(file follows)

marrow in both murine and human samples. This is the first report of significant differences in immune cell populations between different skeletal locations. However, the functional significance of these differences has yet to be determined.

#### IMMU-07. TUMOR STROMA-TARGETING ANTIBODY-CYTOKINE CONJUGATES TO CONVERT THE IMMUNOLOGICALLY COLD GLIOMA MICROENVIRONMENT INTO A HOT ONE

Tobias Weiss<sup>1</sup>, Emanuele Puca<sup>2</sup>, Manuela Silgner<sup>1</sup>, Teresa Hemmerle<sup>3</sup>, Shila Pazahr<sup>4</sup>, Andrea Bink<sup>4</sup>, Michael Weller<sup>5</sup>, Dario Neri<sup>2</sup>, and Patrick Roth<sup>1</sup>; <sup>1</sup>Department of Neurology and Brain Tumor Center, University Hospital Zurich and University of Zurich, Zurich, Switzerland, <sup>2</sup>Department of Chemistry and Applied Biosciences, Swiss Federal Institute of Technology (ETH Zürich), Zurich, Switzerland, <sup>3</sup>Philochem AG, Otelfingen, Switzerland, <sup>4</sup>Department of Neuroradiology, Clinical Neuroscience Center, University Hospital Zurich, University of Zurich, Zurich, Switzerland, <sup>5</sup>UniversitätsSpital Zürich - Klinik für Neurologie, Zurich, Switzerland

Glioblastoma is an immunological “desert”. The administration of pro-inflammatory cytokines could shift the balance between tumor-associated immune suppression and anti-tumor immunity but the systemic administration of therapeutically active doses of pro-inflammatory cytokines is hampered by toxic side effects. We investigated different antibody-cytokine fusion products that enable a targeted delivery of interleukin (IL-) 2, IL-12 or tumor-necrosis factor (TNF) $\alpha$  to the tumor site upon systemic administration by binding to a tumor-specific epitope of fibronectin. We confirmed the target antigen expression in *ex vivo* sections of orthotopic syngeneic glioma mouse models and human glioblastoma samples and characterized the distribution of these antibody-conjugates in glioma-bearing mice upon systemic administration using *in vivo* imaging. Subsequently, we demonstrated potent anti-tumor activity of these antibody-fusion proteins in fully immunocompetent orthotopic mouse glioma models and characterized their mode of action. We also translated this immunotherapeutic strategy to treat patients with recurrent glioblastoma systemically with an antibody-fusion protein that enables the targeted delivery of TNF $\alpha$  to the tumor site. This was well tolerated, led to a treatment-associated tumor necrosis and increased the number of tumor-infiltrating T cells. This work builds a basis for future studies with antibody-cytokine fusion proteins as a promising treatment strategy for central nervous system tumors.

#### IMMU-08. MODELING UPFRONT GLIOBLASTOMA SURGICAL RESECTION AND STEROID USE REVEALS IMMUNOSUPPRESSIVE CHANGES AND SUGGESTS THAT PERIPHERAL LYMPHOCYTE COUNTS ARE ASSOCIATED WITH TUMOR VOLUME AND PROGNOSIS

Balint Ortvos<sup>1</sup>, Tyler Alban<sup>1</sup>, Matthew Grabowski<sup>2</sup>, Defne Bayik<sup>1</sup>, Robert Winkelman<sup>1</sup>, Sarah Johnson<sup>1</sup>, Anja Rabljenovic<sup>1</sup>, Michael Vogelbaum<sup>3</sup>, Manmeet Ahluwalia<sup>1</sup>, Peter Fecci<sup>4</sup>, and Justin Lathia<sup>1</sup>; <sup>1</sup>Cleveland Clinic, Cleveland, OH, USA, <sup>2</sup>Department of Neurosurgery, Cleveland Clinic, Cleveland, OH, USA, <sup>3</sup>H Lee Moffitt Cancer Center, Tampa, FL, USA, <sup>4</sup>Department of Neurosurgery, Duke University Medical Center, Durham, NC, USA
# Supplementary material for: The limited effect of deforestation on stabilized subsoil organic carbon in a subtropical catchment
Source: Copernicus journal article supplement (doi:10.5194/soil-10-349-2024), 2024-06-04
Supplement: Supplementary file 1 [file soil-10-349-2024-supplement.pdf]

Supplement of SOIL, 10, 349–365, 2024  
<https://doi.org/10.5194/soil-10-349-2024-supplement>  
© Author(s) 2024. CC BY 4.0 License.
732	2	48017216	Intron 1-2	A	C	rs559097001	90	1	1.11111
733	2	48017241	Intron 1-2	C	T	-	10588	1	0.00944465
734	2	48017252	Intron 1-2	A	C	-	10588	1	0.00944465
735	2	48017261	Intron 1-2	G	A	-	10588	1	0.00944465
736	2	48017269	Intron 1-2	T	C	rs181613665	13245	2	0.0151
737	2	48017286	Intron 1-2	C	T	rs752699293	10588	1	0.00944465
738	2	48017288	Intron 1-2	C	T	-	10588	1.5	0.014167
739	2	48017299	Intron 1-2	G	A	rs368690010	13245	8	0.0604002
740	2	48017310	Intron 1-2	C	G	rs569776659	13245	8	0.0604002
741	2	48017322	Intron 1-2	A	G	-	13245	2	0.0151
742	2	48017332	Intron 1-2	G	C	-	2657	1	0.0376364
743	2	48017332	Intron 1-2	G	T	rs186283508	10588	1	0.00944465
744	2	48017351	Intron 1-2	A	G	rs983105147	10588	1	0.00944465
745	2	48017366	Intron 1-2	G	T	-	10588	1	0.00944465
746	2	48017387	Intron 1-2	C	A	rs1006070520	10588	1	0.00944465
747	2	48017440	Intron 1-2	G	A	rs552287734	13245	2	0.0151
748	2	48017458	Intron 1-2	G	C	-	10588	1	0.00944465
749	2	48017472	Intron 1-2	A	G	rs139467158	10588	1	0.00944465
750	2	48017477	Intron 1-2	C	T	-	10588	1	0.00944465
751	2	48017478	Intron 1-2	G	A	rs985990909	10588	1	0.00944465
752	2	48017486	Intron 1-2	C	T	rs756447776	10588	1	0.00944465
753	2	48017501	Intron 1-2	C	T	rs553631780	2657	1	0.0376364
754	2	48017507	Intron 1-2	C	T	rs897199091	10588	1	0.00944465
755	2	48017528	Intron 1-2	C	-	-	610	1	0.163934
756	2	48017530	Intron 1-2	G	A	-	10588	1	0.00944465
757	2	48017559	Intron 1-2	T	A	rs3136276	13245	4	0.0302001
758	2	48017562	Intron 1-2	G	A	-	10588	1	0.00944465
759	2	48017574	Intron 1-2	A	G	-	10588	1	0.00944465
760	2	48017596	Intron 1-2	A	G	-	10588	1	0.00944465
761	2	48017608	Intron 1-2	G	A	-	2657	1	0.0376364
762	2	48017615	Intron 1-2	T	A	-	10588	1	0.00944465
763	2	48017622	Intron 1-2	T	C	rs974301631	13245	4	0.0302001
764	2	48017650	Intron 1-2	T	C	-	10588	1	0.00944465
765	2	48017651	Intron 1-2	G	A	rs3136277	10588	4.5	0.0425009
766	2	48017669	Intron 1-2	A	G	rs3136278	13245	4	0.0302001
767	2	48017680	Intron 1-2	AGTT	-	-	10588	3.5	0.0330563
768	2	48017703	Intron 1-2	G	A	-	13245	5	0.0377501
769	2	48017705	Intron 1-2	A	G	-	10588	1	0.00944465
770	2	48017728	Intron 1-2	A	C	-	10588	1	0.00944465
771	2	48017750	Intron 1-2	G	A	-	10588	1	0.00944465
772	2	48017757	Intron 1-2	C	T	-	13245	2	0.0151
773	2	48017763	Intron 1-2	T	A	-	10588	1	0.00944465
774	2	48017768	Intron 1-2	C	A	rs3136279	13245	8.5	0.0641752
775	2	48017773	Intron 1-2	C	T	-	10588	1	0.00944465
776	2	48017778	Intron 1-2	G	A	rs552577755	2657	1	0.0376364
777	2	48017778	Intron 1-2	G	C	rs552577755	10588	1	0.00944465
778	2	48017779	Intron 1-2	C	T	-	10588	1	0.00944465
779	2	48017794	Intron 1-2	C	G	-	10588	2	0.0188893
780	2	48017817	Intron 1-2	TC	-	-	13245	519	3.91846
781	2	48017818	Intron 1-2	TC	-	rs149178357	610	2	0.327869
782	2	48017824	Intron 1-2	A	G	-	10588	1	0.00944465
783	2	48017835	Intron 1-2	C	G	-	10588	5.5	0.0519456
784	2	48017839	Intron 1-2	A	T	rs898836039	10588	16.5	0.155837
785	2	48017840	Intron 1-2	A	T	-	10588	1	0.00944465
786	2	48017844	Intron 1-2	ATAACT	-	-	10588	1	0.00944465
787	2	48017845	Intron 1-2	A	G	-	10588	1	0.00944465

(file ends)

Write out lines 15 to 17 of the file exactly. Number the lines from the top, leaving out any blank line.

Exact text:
734	2	48017252	Intron 1-2	A	C	-	10588	1	0.00944465
735	2	48017261	Intron 1-2	G	A	-	10588	1	0.00944465
736	2	48017269	Intron 1-2	T	C	rs181613665	13245	2	0.0151